Kids are typically better in the morning. If shooting outside, it is best to avoid midday — aim for earlier. If that’s not possible, look for shady spots. Put the child’s back to the sun — otherwise you’ll get squinting and possibly harsh shadows. You can always fill in some light with a reflector or off-camera flash.

TIP SEVEN: WATCH YOUR BACKGROUND

There are so many things to remember, it’s easy to get caught up and not pay attention to the background. A beautiful subject can get lost against a messy, distractin­g background. Shallow focus can also be used to reduce background distractio­n — see opposite or page 104 for examples.

TIP EIGHT: REMEMBER TO HAVE FUN YOURSELF

This is your precious grandchild; every moment you spend with them is a blessing. Remember to cherish this time and have fun with it. Every time you look at the photos, you’ll remember these moments.

BONUS TIP: BE SURE TO PRINT

Did you know that displaying photos of children in the home can:

• elevate their confidence

• boost their sense of belonging

• help them feel loved and part of the family.

We focused on making them feel special during the photo session. Now, every time they see a photo from the session displayed, they’re going to be reminded that they’re special. That’s a very special thing to be able to provide as a photograph­er.

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 ??  ?? 97
OPPOSITE: NIKON D3, 105MM, 1/500S, F/9, ISO 200
ABOVE: NIKON D4, 24MM, 1/125S, F/2.8, ISO 1000
97 OPPOSITE: NIKON D3, 105MM, 1/500S, F/9, ISO 200 ABOVE: NIKON D4, 24MM, 1/125S, F/2.8, ISO 1000
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 ??  ?? OPPOSITE: NIKON D3, 160MM, 1/800S, F/9, ISO 500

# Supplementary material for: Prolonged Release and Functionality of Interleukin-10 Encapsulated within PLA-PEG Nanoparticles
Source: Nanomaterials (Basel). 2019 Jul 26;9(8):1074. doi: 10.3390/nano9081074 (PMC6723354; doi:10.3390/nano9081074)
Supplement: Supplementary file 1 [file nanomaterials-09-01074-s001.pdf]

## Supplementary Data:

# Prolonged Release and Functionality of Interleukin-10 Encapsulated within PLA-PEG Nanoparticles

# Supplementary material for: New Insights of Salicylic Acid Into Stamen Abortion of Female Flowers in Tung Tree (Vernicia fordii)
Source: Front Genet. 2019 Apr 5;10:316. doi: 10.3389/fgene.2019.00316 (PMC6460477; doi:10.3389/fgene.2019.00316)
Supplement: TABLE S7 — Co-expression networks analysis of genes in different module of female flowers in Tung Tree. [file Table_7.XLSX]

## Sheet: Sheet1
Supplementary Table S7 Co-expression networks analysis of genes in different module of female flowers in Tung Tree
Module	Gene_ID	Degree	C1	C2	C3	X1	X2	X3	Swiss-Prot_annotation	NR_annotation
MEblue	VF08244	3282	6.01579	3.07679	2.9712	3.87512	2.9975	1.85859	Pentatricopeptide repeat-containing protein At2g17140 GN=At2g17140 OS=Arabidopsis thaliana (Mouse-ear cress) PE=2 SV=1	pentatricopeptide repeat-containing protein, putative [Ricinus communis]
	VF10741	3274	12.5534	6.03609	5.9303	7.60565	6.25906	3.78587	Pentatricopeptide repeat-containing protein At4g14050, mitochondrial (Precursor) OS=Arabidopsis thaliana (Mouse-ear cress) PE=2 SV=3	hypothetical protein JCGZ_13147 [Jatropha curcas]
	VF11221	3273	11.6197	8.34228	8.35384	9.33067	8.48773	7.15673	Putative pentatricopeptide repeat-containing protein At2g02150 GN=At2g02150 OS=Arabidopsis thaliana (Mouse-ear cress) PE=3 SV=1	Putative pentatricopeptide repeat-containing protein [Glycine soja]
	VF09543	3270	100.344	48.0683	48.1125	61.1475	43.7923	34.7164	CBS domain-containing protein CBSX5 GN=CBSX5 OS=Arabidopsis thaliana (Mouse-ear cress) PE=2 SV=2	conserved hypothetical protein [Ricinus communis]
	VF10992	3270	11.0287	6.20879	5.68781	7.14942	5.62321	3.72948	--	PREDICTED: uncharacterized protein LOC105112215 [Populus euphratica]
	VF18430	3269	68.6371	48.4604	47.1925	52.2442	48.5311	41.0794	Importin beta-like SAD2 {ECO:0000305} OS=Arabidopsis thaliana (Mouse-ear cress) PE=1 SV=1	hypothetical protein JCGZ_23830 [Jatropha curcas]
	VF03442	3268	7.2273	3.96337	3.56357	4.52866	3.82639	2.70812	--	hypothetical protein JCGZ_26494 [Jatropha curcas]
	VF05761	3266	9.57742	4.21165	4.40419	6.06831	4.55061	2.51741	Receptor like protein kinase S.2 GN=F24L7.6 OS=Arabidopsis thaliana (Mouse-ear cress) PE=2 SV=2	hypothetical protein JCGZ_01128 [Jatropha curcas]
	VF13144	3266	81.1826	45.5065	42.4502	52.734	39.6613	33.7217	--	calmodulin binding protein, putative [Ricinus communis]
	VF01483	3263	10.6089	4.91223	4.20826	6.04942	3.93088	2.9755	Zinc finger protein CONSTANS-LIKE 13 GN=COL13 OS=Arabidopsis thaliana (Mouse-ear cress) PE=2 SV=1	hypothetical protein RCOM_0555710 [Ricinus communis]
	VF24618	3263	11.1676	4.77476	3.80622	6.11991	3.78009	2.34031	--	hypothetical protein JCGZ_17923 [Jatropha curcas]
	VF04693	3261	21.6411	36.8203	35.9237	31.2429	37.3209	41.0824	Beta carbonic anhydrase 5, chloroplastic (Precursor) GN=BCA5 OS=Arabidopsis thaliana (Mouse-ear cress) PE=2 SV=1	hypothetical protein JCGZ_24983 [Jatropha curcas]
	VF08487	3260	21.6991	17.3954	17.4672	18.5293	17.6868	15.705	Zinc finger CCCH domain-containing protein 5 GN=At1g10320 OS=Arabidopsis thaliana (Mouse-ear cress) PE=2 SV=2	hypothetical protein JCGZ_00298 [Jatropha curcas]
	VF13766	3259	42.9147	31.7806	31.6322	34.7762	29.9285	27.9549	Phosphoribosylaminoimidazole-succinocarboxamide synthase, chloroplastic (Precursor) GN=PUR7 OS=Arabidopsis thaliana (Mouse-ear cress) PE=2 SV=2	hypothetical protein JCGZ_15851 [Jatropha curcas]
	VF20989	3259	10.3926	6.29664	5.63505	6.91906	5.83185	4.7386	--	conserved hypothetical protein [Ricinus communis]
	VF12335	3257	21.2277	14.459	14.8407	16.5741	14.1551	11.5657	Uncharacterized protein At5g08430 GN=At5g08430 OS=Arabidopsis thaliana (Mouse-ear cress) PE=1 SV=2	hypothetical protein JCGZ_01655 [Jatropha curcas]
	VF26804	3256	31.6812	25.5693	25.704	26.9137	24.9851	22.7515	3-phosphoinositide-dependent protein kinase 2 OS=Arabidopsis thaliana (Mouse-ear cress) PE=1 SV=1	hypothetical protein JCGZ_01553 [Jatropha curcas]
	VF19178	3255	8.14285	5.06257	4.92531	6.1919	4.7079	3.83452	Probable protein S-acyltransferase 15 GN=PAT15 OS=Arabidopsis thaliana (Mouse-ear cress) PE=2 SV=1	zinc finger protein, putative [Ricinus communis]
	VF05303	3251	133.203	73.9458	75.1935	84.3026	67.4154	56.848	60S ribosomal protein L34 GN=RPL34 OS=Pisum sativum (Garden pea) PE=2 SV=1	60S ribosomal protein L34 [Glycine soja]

OPPOSITE: NIKON D3, 160MM, 1/800S, F/9, ISO 500
 ??  ?? BELOW: NIKON D3, 42MM, 1/125S, F/8, ISO 640
BELOW: NIKON D3, 42MM, 1/125S, F/8, ISO 640
 ??  ?? ABOVE: NIKON D5, 24MM, 1/160S, F/5.6, ISO 200
ABOVE: NIKON D5, 24MM, 1/160S, F/5.6, ISO 200
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 ??  ?? 103 BELOW: NIKON D3, 42MM, 1/125S, F/8, ISO 640
103 BELOW: NIKON D3, 42MM, 1/125S, F/8, ISO 640
 ??  ?? 104 LEFT: NIKON D3, 165MM, 1/250S, F/3.5, ISO 500
104 LEFT: NIKON D3, 165MM, 1/250S, F/3.5, ISO 500
 ??  ?? Ann Worthy Stephenson is a respected newborn, child, maternity, and family photograph­er who creates beautiful images from natural lifestyle portraits through to studio fantasy creations. She runs PhotoWorth­y Images in the Caterbury town of Kaiapoi. Visit photoworth­yimages.com for more of her work.
Ann Worthy Stephenson is a respected newborn, child, maternity, and family photograph­er who creates beautiful images from natural lifestyle portraits through to studio fantasy creations. She runs PhotoWorth­y Images in the Caterbury town of Kaiapoi. Visit photoworth­yimages.com for more of her work.